Academic journal article North American Journal of Psychology

Individual Differences in the Processing of Novel, Gender-Stereotyped Metaphors

Academic journal article North American Journal of Psychology

Individual Differences in the Processing of Novel, Gender-Stereotyped Metaphors

Article excerpt

Over the last 40 years, there have been numerous studies investigating how readers comprehend metaphors (e.g., the whiskey was medicine and the dancers were graceful swans, Colston & Katz, 2004; Gibbs & Colston, 2012). Some metaphors are conventional, becoming part of daily language use, and others are novel, being generated spontaneously during language production. There has been little or no research investigating whether metaphors can be associated with gender stereotypes during language processing and whether readers gender stereotype during the comprehension of sentences containing those metaphors (see Blasko, 1999 for discussion). In other words, do some metaphors invoke gender stereotypes during reading (e.g., the dancers were graceful swans as female stereotyped)? Further, do these gender stereotyped metaphors affect processing of other gender information during reading? No prior study, to our knowledge, has explored whether readers can use gender information associated with metaphors; however, there are numerous studies showing that gender stereotypes are associated with nouns and used by readers during the processing of words in priming tasks (Banaji & Hardin, 1996; Blair & Banaji, 1996) and sentence comprehension in Spanish (Carreiras, Garnham, Oakhill, & Cain, 1996), English (Kennison, 2016; Kennison & Trofe, 2003), Italian (Cacciari Carreiras, & Cionini, 1997), French and German (Gygax, Gabriel, Sarrasin, Oakhill, & Garnham, 2008) and Finnish (Pyykkonen, Hyona, & van Gompel, 2010). The aim of the present research was to investigate the processing of gender stereotyped metaphors and to explore the extent to which individual differences in the personal characteristics of readers were related to their processing time.

The notion that metaphors can become associated with specific genders has been discussed by other researchers (Hayden, 2003; Hegstrom & McCarl-Nielsen, 2002; Koller, 2004). Using corpora analysis, Koller (2004) found that the businesswomen are warriors and businesswomen are cheerleaders/nurturers metaphors are commonly applied to women in the workplace. Similarly, Hayden (2003) identified both maternal and paternal metaphors related to differences between conservative and liberal political ideology. Examples included strict father morality, a metaphor emphasizing traditional parenting and raising adept children, and the maternal nurturing parent metaphor emphasizing equally distributed power (see also Lakoff, 1996).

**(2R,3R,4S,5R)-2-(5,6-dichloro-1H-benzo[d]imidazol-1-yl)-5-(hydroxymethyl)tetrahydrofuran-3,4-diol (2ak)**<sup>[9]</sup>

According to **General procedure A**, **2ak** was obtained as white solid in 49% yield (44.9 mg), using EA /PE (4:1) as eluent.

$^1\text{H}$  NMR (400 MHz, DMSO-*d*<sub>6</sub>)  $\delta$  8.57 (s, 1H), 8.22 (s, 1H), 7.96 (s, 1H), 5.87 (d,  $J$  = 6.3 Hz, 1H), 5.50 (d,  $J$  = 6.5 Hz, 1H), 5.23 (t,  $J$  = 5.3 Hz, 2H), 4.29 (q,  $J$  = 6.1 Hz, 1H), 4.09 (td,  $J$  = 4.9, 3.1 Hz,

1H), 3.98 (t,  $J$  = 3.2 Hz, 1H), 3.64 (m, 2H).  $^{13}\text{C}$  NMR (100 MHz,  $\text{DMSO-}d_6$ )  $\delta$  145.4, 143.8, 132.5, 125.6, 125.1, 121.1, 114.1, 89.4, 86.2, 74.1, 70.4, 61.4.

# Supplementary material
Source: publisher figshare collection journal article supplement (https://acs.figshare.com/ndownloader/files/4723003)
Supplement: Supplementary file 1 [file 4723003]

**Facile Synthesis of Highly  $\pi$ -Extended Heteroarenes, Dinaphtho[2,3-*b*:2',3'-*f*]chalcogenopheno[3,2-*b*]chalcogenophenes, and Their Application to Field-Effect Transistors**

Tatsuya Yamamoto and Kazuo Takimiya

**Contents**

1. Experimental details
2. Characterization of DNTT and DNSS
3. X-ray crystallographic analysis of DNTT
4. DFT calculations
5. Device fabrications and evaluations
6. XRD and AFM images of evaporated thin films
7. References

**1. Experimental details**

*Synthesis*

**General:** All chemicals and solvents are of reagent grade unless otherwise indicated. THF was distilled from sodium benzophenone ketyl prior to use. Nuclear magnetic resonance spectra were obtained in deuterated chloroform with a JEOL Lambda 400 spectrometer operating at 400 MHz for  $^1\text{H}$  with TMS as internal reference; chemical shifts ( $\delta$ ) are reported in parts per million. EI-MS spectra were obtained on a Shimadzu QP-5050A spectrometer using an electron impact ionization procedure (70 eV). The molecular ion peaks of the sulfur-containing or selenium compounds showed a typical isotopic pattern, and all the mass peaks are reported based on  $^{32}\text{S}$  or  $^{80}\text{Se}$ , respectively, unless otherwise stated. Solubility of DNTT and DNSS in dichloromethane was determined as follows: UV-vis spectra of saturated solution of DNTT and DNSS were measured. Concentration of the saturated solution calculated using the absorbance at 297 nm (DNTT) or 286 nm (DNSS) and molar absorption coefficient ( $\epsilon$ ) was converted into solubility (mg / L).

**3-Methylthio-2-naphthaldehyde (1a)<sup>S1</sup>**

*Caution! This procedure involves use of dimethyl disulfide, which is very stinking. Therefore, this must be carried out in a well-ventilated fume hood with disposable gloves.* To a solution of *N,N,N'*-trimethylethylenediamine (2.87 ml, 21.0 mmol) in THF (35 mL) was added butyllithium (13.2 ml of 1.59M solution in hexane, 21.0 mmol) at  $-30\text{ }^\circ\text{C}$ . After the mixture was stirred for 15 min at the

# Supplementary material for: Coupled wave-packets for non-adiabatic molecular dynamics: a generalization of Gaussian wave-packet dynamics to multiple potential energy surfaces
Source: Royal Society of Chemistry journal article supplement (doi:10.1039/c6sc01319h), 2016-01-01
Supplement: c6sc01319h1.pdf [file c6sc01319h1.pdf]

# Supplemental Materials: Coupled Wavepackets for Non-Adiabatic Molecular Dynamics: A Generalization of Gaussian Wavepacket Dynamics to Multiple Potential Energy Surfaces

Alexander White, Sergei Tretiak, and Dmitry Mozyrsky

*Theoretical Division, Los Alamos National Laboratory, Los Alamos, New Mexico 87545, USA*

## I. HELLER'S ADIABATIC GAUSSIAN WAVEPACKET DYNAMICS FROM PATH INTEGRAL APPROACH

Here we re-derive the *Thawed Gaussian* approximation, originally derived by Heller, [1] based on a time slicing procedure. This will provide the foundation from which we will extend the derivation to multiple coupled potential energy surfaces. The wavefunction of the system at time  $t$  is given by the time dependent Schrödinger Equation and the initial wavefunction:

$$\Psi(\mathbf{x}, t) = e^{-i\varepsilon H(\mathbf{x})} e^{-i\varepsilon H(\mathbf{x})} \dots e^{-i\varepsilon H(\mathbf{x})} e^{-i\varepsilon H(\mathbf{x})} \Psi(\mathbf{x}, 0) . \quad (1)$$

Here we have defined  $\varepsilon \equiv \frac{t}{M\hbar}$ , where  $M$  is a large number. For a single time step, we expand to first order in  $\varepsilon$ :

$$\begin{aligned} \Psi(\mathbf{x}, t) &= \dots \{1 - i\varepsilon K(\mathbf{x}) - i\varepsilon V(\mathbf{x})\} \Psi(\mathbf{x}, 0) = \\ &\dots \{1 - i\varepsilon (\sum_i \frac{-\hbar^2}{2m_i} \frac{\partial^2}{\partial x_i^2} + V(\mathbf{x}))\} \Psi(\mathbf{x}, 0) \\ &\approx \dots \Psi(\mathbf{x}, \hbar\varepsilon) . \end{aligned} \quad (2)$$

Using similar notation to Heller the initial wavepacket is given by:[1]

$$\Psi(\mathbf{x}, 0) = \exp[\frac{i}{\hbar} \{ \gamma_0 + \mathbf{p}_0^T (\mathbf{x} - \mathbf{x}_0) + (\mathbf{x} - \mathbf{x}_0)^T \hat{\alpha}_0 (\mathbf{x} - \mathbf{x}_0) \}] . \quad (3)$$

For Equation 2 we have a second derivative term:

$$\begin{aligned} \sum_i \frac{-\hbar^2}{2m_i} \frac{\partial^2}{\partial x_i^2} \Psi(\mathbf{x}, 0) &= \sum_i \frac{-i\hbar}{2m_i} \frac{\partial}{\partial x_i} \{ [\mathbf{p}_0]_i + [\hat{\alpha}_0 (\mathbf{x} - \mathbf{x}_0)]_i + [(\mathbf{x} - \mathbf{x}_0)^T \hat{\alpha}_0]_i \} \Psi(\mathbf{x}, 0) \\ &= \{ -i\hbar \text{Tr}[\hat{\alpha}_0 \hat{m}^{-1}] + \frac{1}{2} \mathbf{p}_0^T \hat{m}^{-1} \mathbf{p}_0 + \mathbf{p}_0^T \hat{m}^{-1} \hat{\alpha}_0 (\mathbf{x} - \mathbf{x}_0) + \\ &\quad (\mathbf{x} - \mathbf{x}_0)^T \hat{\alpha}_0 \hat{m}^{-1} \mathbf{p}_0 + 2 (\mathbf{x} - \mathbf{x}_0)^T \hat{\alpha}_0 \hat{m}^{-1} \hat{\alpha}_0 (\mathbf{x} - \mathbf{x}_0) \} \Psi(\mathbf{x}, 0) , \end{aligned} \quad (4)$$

In the present research, we reasoned that during language processing, there are many times when the gender of a discourse entity is ambiguous. Inferences about the gender of ambiguous discourse entities are likely to be drawn as soon as relevant information becomes available. In prior research, most of the investigations have examined how readers use gender stereotype information associated with nouns (Carreiras et al., 1996; Garnham, Oakhill, & Reynolds, 2002; Kennison, 2016; Kennison & Trofe, 2003; Gygax et al., 2008; Oakhill, Garnham, & Reynolds, 2005; Pyykkonen et al., 2010). Some of the studies have shown that the gender stereotype of the noun influences processing downstream when the reader encounters a pronoun (e.g., he and she) that refers to the noun. Across these studies, the results showed that when the gender of the pronoun differed from the gender stereotype of the antecedent, readers took longer than when the pronoun's gender and the antecedent's gender stereotype were the same. Hereafter, we will refer to this pattern of processing as the gender mismatch effect.

Theories of discourse processing provide reasonable accounts of the gender mismatch effect. For example, the mental model approach claims that during discourse processing, readers construct mental representations of the discourse that include general knowledge about the world and the information from the discourse (Carreiras et al., 1996; Johnson-Laird, 2001; MacWhinney, 1989; Oakhill & Garnham, 1996). …

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